Arkansas angler and fishing expert Billy Murray shares his extensive knowledge of the Diamond Lakes of Arkansas
It is time for Little Rock to demonstrate it is the leading city in Arkansas.
The Arkansas legislature last week completed action on a bill to prohibit local governments from passing ordinances that expand civil rights protection to lesbian, gay, bisexual and transgender people.
Sen. Bart Hester (R-Cave Springs), sponsor of the legislation, was provoked by Fayetteville's adoption of such an ordinance. He even threatened to cut state support for the University of Arkansas after its chancellor, David Gearhart, made a mild statement on the side of equal rights.
The bill was slowed a bit in the House, thanks to a push from the Arkansas Municipal League, which raised structural objections. The bill prohibits any sort of preferential treatment for a class not already protected in state law. Could Little Rock still give bidding preference to local companies when this law takes effect? Could it give special rates to the elderly or families? What is a family, anyway?
Mayor Mark Stodola made a tepid statement about Hester's bill when it first appeared. He stuck to the local-control defense. But when the debate reached the House, a couple of Little Rock legislators, Clarke Tucker and Warwick Sabin, focused instead on the simple unfairness of a state law protecting discrimination against gay people.
Tucker had a family experience to draw on: grandfathers who'd served on Arkansas school boards in the days of desegregation. He said it might be politically unpopular today to support equal rights for gay people — just as equal rights for black people were once politically unpopular — but he didn't intend to be on the wrong side of history.
City Director Kathy Webb is working on an ordinance to bring the Constitution's promise of equality to Little Rock.
Those who want legal protection for discrimination against gay people will say that the new state law prohibits enforcement of such an ordinance. Don't be so sure.
The state law won't take effect until late summer, because the anti-gay crowd couldn't muster enough votes to pass the emergency clause. Gov. Asa Hutchinson says he won't veto it, though he indicates at least a touch of discomfort by also refusing to sign it.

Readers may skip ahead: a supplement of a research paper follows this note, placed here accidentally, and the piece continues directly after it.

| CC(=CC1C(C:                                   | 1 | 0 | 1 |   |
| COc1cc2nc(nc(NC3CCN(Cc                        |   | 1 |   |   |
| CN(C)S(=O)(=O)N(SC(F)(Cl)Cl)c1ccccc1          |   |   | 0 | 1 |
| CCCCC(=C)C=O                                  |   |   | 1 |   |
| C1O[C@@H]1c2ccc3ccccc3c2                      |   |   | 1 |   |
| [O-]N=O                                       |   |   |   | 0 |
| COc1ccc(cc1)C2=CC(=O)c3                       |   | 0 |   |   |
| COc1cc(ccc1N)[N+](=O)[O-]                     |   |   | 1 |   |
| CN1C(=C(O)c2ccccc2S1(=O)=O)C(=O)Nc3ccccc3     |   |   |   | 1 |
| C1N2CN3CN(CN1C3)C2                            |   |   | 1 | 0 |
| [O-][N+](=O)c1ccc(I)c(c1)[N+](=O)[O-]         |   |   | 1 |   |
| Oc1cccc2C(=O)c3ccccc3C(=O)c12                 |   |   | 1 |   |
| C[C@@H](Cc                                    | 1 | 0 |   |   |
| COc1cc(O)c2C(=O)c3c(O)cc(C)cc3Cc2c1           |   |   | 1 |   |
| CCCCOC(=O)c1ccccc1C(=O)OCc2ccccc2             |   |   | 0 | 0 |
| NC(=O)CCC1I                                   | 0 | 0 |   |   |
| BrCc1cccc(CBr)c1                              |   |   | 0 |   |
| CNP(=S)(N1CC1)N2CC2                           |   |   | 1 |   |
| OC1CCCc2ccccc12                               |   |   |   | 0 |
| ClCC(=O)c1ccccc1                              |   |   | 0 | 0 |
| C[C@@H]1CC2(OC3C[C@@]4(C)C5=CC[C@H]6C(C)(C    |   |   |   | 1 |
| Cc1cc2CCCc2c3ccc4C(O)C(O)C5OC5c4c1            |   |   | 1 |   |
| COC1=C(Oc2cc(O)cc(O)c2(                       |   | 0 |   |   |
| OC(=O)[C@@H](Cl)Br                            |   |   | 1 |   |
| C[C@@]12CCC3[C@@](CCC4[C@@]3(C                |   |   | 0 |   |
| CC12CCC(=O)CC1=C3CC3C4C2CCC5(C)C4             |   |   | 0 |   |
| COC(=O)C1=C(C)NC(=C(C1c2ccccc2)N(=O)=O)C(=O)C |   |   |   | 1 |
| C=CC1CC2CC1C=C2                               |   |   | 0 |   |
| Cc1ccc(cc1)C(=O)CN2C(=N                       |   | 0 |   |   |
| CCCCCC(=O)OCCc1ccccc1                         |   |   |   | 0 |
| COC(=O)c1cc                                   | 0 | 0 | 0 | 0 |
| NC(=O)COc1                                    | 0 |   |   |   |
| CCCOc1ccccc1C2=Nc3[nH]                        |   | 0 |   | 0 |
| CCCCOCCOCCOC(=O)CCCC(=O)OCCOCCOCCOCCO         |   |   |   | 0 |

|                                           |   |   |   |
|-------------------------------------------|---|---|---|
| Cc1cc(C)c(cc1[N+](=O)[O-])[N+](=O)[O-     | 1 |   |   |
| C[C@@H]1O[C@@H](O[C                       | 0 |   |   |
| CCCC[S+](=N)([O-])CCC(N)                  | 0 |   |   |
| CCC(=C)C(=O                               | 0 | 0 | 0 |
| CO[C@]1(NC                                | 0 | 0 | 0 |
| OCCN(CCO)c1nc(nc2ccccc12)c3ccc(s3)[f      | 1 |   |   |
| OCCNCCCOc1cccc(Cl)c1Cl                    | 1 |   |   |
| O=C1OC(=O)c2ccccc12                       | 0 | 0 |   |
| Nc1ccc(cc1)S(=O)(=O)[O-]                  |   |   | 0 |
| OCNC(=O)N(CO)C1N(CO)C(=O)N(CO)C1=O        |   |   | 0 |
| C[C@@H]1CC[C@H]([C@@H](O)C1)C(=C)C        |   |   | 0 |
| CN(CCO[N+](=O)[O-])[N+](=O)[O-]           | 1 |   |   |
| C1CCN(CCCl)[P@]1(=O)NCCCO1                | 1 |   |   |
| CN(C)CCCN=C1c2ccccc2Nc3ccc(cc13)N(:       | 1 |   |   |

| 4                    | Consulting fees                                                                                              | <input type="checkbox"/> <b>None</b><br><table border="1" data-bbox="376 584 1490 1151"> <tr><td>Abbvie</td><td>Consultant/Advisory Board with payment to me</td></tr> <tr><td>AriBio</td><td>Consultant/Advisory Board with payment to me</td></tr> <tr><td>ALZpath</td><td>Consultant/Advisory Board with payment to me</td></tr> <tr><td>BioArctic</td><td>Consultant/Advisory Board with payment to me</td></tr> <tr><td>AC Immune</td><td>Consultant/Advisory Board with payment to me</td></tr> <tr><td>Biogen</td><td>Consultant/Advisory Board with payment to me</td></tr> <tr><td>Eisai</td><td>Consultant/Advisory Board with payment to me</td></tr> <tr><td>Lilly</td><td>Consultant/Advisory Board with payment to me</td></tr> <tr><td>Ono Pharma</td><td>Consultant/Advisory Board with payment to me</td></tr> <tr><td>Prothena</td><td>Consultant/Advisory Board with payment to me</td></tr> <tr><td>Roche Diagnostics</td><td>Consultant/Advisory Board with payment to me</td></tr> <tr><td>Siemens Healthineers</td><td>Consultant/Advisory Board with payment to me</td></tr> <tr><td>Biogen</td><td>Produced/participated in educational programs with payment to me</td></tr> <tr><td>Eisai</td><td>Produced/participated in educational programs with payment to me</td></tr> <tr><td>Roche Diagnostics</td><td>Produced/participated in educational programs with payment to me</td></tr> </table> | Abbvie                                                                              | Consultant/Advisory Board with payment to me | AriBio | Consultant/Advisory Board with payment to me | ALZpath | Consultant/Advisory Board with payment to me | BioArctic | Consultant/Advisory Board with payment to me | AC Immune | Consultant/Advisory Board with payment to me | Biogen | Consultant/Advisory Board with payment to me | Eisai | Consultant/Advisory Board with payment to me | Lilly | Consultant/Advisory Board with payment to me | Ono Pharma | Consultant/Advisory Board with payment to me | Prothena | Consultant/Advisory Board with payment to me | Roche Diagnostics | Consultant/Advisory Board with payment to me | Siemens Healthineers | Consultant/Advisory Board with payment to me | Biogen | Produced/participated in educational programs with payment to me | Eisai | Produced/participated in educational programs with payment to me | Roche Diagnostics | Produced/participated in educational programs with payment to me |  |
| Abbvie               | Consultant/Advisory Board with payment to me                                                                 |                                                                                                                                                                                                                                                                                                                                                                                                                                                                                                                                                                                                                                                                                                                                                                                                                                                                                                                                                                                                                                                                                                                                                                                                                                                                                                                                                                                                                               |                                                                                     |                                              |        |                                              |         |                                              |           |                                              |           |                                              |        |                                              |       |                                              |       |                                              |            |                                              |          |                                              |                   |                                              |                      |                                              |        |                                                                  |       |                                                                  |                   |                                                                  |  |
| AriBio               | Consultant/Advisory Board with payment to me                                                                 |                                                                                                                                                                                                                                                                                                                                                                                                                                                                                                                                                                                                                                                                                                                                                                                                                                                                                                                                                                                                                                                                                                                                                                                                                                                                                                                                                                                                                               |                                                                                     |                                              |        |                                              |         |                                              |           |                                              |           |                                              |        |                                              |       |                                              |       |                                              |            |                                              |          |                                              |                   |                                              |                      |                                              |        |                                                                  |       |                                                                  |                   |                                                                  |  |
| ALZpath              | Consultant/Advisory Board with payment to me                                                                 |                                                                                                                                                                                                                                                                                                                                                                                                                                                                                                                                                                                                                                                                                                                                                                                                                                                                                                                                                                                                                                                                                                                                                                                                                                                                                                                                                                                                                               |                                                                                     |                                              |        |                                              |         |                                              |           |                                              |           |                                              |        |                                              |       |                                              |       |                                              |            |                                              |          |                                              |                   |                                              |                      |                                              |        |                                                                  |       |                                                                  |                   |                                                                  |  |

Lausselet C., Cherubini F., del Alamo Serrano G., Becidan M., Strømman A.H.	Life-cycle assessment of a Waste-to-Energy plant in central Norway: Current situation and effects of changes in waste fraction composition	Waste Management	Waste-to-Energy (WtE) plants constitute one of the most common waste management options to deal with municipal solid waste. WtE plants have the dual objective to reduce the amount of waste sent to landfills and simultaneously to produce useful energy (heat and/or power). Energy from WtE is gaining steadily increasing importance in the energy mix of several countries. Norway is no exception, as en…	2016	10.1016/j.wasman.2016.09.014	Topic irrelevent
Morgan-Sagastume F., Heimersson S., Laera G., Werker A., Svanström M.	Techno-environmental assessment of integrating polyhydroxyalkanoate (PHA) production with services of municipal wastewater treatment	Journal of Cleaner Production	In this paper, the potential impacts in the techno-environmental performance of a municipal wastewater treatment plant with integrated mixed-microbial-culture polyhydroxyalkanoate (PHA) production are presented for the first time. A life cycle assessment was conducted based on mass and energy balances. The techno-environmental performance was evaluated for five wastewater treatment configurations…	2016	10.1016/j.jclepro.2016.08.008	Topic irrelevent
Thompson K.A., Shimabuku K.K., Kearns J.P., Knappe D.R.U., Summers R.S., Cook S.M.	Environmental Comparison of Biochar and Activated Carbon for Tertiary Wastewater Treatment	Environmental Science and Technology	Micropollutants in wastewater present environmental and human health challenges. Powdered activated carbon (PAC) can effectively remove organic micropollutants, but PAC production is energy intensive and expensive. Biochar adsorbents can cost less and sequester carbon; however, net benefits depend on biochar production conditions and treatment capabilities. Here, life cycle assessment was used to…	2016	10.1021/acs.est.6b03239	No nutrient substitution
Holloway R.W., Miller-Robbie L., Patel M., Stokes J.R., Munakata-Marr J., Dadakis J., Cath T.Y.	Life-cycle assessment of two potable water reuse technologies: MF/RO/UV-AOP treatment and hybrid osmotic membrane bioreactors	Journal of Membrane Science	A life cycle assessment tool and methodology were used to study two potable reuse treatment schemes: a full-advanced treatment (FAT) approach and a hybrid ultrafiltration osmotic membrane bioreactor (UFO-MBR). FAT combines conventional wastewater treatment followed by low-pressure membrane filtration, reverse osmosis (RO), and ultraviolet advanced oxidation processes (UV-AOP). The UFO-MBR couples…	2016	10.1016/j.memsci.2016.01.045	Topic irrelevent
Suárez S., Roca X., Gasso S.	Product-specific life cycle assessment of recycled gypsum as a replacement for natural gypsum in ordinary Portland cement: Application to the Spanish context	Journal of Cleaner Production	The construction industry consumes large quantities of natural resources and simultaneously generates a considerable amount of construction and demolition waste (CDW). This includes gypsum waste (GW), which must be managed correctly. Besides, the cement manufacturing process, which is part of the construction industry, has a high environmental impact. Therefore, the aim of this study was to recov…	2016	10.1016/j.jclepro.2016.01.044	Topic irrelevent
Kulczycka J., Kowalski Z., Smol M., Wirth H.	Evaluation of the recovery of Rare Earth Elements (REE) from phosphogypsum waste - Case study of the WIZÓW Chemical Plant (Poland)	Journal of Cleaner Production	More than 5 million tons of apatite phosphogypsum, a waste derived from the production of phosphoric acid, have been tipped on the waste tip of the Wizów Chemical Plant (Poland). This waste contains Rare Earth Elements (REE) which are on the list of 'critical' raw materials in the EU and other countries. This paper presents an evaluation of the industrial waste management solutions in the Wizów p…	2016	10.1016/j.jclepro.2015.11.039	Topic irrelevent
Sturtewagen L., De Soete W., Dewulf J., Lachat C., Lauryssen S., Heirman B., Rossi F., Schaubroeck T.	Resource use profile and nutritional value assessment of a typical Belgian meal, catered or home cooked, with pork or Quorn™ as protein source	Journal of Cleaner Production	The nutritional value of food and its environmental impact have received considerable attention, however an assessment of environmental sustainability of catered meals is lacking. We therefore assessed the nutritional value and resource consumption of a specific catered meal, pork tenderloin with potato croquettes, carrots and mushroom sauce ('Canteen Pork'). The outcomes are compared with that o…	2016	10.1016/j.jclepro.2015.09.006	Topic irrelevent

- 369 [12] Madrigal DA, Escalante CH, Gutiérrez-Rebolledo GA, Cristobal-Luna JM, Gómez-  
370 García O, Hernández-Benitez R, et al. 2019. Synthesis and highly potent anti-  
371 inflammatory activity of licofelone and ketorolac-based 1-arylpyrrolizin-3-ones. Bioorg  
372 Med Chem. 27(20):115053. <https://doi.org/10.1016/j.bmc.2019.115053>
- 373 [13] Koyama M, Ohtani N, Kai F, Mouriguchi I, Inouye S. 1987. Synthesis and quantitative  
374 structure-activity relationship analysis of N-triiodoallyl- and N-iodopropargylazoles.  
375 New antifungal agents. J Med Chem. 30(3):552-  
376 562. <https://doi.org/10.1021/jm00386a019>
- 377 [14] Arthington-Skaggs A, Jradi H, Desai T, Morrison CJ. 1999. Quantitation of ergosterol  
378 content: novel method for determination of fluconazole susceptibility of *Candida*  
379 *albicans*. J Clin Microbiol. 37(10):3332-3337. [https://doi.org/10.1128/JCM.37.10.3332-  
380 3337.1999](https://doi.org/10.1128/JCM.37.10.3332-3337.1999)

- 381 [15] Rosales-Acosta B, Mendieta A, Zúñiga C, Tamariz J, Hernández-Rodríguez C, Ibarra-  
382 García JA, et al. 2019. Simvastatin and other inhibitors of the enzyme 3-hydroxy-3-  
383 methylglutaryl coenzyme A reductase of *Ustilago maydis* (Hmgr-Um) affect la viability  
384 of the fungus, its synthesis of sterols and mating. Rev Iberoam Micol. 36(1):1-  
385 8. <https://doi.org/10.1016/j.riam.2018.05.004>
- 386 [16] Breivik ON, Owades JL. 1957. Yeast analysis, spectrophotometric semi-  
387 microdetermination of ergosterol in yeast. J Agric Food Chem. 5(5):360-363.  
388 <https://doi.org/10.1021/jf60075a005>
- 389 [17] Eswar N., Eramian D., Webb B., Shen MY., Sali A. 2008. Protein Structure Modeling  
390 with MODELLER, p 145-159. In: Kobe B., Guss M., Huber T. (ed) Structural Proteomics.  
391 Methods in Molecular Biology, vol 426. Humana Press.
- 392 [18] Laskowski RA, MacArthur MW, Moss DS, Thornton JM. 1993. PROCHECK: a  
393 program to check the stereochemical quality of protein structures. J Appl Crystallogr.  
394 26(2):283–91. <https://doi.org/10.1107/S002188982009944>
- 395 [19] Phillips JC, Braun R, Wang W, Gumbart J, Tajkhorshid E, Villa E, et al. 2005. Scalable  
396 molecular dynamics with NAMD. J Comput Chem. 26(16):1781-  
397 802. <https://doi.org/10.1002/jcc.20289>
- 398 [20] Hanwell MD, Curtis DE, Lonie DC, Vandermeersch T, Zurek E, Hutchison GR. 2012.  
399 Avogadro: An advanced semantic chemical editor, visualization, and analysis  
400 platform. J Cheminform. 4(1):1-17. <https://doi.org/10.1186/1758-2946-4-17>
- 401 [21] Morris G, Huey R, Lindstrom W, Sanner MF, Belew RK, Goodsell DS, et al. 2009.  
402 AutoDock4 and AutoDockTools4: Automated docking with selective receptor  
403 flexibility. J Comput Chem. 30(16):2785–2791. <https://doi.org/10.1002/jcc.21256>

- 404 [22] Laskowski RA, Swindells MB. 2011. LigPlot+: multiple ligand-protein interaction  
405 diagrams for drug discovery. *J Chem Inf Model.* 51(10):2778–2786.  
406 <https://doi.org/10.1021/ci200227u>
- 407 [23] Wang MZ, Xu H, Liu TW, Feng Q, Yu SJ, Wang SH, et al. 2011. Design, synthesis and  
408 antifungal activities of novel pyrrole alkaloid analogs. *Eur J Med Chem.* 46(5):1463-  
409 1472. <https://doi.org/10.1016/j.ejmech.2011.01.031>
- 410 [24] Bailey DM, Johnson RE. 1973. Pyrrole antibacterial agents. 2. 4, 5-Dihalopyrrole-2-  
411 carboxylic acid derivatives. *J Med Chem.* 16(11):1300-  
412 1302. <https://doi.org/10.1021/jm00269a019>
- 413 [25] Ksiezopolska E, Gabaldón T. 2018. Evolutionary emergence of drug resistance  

It is legal today for cities to ban discrimination against gay people. Little Rock should do so and dare Hester and other hate groups to try to stop it. They will have a hard time proving a rational state interest in promoting discrimination. The U.S. Supreme Court spoke on that in a Colorado case 19 years ago. They will have a hard time, too, proving the compelling public interest in allowing a merchant to refuse to provide a hotel room, meal or other public accommodation because he disapproves of the perceived "sin" of homosexuality.
Remember when federal law made even people brandishing ax handles serve fried chicken to black people? The resisters then also had deeply held beliefs that the Bible prohibited mixed dining, bathing or marriage. It should be no less clear today that no religious freedom has been breached by applying a similar rational protection to gay people in common commercial services.
The mythical Christian cake baker — forced to provide a wedding cake for a transgender couple — has been much invoked in the debate. I don't recall similar worries about the godly butter-cream icing purveyor being forced to feed adulterers, gluttons, horse thieves and other sinners.
When they say it isn't about sex, it's about sex.
Arkansas may venerate Robert E. Lee above Martin Luther King. It may hold an unmatched animus toward a twice-elected black president. It may hold religion supreme over science in biology classrooms. It may be a state whose majority believes in discrimination against gay people.
Little Rock is better than that. It should prove it by black-and-white deed. Pass an ordinance that says — from the airport to Chenal Valley and the tech park in between — discrimination isn't tolerated. It's good for business.